Severe storms swept through eastern and southern Georgia on July 19, 2012, damaging the homes and agricultural lands of over 25,000 households. While the affected regions are highly vulnerable to natural disasters, such as flash floods, droughts, hailstorm, strong winds and earthquakes – the severe storms and flooding of July 19th, proved significantly more damaging than usual storms.

The most affected municipalities in Kakheti were Telavi, Gurjaani, Kvareli and Lagodekhi municipalities. The storm affected 14 settlements in Telavi, 10 settlements in Gurjaani, 6 settlements in Kvareli and 5 settlements in Lagodekhi.

In response to this disaster, the Georgian Government declared Kakheti a Level 2 emergency as the level of damage caused by the disaster required national government and its assets to aid in the response operations and implement emergency measures.

The economic impact, including physical damage and financial loss, was significantly high, amounting to 202.3 Million GEL (USD 123 Million).

Recovery plan was proposed to guide the development and prioritization of short, medium and long-term recovery actions that can help foster development and minimize the threat of long-term development setbacks due to natural disasters.

Daron Acemoglu and James A. Robinson allocate two groups of agents: the poor and the rich (the elite) and two types of political state – democratic or nondemocratic. In a democracy, the median voter sets the tax rate, and because the poor are more numerous, the median voter is a poor agent. In a nondemocratic regime, taxes are set by the rich. When the political system is nondemocratic, the poor can attempt a revolution, and the elite decide whether to establish democracy. When the system is democratic, the rich can mount a coup. The level of income in this economy is stochastic, and the opportunity costs of coups and revolutions change with income.[14]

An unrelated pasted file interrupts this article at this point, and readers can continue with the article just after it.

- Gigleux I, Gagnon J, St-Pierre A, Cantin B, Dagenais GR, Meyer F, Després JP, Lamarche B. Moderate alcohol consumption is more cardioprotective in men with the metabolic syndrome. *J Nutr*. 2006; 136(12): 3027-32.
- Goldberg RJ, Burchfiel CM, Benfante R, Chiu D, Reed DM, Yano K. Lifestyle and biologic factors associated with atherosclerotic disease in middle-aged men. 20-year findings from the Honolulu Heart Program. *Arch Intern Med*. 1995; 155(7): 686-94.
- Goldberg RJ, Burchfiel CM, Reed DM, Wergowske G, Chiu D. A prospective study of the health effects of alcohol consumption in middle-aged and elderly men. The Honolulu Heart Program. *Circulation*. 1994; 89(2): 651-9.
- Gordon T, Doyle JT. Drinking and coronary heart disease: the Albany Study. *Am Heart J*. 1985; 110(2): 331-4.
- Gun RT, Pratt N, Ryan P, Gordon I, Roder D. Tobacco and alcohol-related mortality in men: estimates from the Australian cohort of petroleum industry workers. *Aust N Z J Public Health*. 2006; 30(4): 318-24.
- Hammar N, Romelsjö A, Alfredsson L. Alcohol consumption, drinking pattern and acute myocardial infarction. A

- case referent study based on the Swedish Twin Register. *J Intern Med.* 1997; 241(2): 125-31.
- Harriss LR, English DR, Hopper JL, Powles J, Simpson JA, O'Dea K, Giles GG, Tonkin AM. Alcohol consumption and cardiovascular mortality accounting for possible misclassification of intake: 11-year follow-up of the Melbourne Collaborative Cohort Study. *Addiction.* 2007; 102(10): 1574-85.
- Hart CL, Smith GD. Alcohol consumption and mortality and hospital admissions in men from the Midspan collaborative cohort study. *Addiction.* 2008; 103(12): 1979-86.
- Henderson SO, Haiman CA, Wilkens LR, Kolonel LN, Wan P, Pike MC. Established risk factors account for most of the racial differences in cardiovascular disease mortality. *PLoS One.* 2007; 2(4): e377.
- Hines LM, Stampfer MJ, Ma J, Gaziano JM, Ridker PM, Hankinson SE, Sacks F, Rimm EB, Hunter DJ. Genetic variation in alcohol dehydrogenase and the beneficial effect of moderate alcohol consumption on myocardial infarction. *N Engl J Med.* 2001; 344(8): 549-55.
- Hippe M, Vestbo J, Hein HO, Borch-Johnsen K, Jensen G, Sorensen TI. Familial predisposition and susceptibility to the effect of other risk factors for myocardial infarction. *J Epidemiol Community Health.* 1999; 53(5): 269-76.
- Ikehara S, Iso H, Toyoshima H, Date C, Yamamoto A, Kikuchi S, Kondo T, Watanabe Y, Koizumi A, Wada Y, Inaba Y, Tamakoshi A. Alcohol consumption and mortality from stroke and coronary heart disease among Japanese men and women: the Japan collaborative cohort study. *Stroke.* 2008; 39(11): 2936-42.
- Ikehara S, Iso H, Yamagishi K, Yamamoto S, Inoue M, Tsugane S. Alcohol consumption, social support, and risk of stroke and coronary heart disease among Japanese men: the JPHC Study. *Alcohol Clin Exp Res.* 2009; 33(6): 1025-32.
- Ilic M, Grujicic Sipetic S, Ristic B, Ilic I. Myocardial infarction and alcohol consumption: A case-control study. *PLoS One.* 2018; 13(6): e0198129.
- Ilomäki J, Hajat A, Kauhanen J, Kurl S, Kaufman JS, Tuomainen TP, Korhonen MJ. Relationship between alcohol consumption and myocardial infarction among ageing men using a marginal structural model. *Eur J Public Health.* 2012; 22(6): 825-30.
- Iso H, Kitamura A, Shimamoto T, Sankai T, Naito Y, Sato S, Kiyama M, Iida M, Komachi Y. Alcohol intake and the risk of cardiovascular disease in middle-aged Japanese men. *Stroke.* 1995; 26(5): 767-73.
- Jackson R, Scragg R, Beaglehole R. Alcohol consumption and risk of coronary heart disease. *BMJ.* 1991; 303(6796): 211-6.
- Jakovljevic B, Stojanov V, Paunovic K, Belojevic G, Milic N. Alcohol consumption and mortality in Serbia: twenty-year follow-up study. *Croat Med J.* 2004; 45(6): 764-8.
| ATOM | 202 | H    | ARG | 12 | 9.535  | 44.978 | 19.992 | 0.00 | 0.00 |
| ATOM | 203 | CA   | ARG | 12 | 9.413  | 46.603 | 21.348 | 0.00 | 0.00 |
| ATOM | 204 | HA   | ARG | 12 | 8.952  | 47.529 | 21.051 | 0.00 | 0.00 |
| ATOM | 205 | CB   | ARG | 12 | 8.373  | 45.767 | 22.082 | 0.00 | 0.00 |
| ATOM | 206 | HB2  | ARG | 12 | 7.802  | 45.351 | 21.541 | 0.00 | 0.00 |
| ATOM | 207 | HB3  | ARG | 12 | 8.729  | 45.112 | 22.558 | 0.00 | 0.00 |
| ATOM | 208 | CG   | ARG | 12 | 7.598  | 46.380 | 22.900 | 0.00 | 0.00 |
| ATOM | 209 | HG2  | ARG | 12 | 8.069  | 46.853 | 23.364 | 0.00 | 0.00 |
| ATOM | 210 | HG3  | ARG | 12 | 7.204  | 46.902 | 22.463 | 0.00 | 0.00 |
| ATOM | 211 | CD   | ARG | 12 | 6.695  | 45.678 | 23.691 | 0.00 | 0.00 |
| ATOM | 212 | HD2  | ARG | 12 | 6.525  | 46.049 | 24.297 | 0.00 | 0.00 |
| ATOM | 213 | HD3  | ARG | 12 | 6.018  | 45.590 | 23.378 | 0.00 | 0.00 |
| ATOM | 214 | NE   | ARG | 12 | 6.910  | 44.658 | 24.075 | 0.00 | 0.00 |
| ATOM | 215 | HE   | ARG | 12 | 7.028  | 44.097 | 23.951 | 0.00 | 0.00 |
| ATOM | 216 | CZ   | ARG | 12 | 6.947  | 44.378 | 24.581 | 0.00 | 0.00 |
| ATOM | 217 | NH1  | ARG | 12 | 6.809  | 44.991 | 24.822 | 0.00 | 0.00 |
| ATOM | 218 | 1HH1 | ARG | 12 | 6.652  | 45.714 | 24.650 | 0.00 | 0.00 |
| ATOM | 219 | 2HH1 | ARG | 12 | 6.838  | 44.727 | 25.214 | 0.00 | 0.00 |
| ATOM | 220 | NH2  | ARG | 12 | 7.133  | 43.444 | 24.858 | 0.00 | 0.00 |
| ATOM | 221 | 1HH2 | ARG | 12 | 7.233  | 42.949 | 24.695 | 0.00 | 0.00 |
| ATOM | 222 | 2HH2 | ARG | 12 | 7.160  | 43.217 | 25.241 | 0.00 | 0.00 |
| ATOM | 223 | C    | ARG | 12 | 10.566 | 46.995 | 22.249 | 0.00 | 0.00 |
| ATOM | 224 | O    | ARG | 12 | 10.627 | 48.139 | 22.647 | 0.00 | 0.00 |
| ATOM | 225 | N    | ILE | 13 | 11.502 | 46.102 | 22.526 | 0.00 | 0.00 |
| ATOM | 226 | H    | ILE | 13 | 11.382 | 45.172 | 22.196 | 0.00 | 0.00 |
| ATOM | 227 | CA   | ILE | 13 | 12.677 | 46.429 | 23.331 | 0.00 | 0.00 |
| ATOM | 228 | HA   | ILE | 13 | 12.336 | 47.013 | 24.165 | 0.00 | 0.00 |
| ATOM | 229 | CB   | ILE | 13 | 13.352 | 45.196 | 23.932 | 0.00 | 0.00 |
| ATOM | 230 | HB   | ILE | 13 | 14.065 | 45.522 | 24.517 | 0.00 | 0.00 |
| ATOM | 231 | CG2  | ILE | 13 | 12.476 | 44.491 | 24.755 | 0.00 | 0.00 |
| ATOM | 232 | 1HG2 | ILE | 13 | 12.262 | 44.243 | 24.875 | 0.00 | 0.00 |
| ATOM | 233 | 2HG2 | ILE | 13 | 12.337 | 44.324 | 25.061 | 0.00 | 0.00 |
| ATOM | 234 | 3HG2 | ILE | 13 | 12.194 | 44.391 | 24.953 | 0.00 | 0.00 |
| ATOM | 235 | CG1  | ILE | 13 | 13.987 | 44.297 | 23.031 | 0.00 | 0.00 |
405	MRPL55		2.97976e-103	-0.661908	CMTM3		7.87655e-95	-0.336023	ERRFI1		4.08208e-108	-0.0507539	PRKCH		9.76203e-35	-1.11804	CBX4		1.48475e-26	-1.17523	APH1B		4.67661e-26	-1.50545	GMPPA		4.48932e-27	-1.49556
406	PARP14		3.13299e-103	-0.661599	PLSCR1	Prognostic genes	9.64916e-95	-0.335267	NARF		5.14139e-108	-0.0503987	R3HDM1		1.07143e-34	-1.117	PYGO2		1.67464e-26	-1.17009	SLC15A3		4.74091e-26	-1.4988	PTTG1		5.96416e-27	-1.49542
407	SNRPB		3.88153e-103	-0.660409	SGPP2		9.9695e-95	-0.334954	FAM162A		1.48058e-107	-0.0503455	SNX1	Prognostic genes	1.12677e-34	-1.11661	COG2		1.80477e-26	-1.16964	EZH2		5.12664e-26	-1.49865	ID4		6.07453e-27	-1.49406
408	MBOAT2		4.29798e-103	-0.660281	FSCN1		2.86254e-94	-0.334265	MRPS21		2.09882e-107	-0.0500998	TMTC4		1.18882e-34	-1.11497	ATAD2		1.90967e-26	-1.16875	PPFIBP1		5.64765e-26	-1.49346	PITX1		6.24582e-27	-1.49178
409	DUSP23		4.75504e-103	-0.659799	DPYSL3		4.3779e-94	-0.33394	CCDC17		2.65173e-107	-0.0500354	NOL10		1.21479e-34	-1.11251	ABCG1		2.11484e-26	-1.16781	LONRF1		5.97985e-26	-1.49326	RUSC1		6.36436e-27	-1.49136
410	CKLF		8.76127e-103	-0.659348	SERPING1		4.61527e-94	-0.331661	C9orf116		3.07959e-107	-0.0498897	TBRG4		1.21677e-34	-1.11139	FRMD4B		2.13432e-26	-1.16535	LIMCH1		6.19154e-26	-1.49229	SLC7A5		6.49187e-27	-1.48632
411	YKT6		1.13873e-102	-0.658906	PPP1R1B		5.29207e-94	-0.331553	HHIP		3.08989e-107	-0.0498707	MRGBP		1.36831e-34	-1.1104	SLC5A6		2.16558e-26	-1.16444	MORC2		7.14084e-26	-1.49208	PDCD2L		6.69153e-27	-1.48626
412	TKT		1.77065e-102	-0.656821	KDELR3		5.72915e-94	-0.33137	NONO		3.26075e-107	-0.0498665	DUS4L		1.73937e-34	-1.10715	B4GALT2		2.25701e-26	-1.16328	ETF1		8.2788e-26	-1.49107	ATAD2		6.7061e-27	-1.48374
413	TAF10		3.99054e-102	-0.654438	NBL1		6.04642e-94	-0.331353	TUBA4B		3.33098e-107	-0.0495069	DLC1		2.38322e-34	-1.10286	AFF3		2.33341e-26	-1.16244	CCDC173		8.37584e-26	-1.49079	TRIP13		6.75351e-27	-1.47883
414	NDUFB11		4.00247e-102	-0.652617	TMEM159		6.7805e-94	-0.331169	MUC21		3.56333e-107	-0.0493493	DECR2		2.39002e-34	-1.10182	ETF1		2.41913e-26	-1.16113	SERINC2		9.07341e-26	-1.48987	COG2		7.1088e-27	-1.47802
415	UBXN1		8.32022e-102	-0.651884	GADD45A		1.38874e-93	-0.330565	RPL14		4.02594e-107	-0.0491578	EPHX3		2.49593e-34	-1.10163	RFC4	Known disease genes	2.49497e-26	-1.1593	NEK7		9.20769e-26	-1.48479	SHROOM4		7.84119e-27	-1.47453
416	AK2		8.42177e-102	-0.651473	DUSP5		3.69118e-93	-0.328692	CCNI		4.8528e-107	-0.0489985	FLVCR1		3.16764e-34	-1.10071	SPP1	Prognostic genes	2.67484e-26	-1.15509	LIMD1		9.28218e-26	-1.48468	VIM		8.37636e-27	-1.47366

The idea that natural disasters increase the risks of rebellious behavior has broad empirical support. But the claim that an observed positive relationship between natural disasters and governance provides evidence for opportunity-cost mechanisms, requires that disasters primarily impact citizen behavior (and therefore politician’s incentives) through the economic channel. Correlations between disasters and conflict (or democratization) by themselves provide little direct evidence on the mechanism.[15]

Data of 2008 and 2012 Georgia parliamentary election results show, that for 2008 proportional election, on district level, the political party, which took the first place, was “National Movement“. As mentioned, “National Movement“ supporters were citizens living in Samegrelo and Samtskhe – Javakheti regions. Comparing 2008 and 2012 election results in Samegrelo – Zemo Svaneti, National Movement supporter number declined by 8 – 13% (on proportional and majoritarian level), but the winner majoritarian candidate was from “National Movement“, in Samtskhe – Javakheti region declined by 15 – 18 %, but still the winner political force on both levels was “National Movement“.

As for the four districts, affected by the natural disaster, in Telavi, “National Movement“ supporter number declined by the 15 – 16%, in Gurjaani 20 – 20%, in Kvareli 12 – 18%, in Lagodekhi 9 – 7%, though except Telavi, the winner political force on both level was “National Movement“. Finally, votes received by the National Movement in Kakheti was 47.02%, which is 1% less then votes received by the “Georgian Dream“ coalition.

Received votes in Kakheti’s three other districts were distributed as follows: in Akhmeta “National Movement“ support declined by the 23 – 33%, in Dedophlistskaro 11 – 14%, in Sighnaghi 22 – 18%, but in Dedophlistskaro on the majoritarian level the winner candidate was from the National Movement.

As mentioned above, in Georgia electorate identifies political parties with a leader and not with a political course. Taking into consideration this fact, western part of Georgia, especially Imereti region, where oppositional party leader was born, supported “Georgian Dream“ coalition. In Imereti region on proportional level “Georgian Dream“ received 57.87% of votes and “National Movement“ 37.47%. On majoritarian level from Imereti 12 districts only 8 of them (Baghdadi, Chiatura, Kharagauli, Kutaisi, Samtredia, Tkibuli, Zestaponi, Sachkhere) were won by the “Georgian Dream“ coalition; in Sachkhere district, where Bidzina Ivanishvili – “Georgian Dream“ coalition leader was born, the majoritarian candidate from his party received 92.66% of votes, only four districts (Khoni, Terjola, Tskaltubo, Vani) were won by a candidate from the “National Movement“.